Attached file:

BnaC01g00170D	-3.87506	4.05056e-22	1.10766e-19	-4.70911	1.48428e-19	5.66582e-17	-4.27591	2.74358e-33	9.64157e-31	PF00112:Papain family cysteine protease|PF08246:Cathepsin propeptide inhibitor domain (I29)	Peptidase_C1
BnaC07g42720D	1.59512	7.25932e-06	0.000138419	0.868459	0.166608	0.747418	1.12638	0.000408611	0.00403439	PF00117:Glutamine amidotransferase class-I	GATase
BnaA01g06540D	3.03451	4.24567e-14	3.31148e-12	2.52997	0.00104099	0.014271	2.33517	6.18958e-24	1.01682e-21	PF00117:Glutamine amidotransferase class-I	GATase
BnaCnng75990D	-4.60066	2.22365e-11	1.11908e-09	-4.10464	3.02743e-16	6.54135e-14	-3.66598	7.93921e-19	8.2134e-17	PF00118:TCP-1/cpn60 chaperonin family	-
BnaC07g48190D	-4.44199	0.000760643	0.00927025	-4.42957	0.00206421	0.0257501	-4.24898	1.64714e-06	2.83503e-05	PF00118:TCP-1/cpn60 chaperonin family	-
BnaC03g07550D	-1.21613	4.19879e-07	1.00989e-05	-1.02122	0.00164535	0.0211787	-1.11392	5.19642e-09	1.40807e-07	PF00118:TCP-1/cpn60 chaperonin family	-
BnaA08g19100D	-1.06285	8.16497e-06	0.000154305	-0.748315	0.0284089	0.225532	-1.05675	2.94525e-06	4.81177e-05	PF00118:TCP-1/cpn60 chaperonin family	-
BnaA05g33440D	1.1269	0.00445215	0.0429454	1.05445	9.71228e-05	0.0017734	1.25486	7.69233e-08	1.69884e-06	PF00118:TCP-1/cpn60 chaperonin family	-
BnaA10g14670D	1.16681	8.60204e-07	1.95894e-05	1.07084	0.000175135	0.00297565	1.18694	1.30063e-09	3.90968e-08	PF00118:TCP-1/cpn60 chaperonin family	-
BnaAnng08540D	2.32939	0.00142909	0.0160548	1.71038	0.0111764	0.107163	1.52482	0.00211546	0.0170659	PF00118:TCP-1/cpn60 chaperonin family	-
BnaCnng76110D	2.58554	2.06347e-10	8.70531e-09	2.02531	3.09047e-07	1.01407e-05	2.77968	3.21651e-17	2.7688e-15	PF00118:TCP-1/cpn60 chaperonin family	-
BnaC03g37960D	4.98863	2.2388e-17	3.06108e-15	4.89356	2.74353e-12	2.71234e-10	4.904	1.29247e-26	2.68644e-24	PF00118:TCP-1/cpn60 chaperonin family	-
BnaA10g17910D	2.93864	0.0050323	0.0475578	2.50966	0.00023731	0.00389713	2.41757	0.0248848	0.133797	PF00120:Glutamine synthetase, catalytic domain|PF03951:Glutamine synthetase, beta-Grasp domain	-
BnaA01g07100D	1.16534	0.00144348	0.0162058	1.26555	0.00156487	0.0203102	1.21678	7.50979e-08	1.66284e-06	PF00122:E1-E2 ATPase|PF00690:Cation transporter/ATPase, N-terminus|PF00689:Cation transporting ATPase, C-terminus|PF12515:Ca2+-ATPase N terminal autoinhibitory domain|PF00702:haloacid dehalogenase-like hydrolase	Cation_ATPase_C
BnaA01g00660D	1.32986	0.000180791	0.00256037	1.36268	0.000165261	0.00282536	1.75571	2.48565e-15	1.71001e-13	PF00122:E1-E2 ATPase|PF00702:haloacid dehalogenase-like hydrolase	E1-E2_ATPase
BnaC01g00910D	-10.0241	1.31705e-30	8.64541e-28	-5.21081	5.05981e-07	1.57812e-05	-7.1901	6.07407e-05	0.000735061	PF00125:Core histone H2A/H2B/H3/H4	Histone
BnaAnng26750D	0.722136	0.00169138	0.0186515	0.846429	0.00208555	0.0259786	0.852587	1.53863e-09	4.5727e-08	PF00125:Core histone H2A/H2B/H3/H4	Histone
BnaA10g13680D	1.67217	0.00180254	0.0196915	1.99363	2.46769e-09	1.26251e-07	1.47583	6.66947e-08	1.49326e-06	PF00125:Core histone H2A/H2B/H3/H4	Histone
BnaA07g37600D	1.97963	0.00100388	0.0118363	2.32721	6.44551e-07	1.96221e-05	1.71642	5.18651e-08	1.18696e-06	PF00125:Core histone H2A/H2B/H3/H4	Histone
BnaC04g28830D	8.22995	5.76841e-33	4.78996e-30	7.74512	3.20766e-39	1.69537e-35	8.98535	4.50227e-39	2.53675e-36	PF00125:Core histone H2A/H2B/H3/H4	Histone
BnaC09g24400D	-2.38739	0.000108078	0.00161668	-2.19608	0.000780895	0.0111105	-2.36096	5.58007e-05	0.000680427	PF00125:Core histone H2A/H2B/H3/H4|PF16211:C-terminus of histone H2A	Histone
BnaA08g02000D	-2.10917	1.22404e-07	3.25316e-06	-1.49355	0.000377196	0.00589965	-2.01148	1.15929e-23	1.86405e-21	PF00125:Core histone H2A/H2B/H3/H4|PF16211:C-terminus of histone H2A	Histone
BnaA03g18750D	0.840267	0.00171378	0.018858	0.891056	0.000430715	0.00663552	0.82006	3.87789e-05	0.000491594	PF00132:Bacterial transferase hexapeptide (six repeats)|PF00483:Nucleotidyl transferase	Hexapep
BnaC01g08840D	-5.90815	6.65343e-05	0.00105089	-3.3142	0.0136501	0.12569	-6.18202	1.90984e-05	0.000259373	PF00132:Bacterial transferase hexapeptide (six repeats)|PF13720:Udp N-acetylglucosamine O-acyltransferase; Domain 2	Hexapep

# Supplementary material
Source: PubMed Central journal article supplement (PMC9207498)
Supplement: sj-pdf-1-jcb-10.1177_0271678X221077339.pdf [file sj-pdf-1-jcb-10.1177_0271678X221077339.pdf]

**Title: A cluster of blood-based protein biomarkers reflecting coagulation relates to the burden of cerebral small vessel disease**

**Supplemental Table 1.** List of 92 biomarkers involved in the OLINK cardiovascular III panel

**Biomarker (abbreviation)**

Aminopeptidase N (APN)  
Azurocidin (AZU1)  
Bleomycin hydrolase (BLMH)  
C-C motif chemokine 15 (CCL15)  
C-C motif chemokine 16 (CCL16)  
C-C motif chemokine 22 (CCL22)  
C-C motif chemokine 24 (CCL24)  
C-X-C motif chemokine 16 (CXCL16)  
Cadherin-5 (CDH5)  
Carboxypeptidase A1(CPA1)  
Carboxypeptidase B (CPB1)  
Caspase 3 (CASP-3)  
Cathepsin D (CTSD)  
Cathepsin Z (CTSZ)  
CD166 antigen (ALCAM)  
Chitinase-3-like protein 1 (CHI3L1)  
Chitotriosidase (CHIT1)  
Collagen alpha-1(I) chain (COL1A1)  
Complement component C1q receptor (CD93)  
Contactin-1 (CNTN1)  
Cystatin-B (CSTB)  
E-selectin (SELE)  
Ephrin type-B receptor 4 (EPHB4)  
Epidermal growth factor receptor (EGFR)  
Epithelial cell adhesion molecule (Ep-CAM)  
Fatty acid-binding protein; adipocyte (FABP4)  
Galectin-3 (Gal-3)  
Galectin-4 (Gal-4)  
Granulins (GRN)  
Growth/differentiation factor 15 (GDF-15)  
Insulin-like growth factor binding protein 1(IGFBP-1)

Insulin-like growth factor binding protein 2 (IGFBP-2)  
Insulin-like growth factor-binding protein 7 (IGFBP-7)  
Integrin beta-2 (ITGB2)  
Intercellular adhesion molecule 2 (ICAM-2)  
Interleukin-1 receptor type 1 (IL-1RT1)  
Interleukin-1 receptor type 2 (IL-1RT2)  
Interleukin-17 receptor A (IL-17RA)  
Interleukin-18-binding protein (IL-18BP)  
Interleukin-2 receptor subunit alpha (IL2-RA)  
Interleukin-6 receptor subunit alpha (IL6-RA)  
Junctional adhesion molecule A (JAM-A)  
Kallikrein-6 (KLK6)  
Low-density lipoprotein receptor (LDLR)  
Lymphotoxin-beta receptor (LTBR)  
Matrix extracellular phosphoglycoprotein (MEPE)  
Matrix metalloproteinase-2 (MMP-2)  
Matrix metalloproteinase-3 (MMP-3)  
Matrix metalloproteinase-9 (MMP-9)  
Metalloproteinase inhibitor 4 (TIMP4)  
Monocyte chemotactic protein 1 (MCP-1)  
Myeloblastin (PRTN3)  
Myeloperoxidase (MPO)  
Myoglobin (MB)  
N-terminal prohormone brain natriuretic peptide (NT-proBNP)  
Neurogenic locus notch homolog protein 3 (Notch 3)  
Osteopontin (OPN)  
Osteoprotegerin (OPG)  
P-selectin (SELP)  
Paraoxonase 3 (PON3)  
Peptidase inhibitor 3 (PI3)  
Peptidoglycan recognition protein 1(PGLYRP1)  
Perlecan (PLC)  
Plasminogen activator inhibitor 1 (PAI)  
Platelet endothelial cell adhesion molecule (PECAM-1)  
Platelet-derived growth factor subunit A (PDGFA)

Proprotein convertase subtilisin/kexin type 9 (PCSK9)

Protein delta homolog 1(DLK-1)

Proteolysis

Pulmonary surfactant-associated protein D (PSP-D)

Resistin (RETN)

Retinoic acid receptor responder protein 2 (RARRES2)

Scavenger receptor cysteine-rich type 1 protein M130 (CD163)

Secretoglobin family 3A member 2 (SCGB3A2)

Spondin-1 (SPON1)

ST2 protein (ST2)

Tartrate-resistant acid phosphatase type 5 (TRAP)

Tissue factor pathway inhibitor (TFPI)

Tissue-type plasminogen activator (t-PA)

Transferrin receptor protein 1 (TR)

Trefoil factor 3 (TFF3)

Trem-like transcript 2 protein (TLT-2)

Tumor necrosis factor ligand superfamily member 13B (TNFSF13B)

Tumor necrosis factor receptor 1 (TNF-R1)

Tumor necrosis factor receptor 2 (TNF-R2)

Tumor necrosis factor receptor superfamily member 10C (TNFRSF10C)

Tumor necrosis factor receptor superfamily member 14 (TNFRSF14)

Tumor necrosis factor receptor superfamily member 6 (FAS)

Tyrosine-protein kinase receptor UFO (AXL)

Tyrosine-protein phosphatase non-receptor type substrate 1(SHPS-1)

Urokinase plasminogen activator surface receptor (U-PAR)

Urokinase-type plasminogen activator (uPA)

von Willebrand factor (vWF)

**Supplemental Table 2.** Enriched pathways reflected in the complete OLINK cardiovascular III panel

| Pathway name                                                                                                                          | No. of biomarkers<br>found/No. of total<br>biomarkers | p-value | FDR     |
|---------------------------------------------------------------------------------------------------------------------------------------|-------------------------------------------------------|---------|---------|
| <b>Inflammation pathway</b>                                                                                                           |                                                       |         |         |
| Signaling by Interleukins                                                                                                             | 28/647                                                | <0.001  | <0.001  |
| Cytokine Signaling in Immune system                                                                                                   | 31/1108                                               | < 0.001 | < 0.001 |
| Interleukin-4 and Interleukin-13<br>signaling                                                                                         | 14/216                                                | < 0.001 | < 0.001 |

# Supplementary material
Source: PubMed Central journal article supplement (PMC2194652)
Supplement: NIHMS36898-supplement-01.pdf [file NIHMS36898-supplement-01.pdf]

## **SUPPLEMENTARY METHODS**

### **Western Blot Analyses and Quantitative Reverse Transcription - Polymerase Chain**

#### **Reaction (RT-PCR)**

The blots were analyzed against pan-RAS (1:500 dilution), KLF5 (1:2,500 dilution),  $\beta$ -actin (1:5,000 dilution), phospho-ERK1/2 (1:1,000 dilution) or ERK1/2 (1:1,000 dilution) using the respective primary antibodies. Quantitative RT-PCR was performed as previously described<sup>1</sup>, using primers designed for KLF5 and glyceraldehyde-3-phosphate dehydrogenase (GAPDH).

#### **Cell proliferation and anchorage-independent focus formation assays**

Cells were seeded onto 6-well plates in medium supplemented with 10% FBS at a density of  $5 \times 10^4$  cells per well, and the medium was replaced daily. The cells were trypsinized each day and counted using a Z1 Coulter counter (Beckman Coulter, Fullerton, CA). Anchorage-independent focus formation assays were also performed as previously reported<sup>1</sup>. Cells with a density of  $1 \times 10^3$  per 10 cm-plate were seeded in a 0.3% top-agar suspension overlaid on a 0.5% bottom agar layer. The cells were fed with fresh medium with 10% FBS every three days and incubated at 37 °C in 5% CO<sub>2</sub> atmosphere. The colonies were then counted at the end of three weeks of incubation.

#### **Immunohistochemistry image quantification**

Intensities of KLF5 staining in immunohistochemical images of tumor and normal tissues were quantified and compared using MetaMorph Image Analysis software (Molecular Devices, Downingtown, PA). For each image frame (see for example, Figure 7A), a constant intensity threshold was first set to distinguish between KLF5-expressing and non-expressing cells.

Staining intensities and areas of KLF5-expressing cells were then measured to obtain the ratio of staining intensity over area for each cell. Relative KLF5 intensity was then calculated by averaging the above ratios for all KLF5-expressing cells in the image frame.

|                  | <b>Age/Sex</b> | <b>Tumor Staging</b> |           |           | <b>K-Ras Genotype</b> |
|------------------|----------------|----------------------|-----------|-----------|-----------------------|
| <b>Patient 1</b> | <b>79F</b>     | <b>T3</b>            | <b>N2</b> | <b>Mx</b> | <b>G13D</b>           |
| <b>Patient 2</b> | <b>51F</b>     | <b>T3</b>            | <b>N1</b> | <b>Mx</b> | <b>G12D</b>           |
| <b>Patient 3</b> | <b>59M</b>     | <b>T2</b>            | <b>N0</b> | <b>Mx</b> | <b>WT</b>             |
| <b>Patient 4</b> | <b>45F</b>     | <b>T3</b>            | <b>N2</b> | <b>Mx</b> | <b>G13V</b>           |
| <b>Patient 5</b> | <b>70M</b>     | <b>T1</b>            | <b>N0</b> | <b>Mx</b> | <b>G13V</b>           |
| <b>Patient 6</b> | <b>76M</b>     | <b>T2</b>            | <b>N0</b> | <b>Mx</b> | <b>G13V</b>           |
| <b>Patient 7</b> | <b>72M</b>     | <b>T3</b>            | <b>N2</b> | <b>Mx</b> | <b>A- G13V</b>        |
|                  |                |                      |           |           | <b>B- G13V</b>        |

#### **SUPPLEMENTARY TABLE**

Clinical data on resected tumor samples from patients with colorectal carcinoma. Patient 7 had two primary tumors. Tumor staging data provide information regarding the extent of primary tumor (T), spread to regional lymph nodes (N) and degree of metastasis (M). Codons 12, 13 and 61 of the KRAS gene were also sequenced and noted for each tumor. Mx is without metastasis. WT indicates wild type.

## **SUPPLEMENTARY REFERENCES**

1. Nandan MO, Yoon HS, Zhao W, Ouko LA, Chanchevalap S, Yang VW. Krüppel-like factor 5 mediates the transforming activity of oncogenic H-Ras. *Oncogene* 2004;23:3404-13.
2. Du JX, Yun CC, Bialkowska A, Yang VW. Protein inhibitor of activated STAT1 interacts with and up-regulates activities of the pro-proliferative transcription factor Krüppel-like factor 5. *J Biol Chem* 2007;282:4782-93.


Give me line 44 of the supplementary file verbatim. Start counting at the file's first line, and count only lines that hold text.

Cathepsin Z (CTSZ)  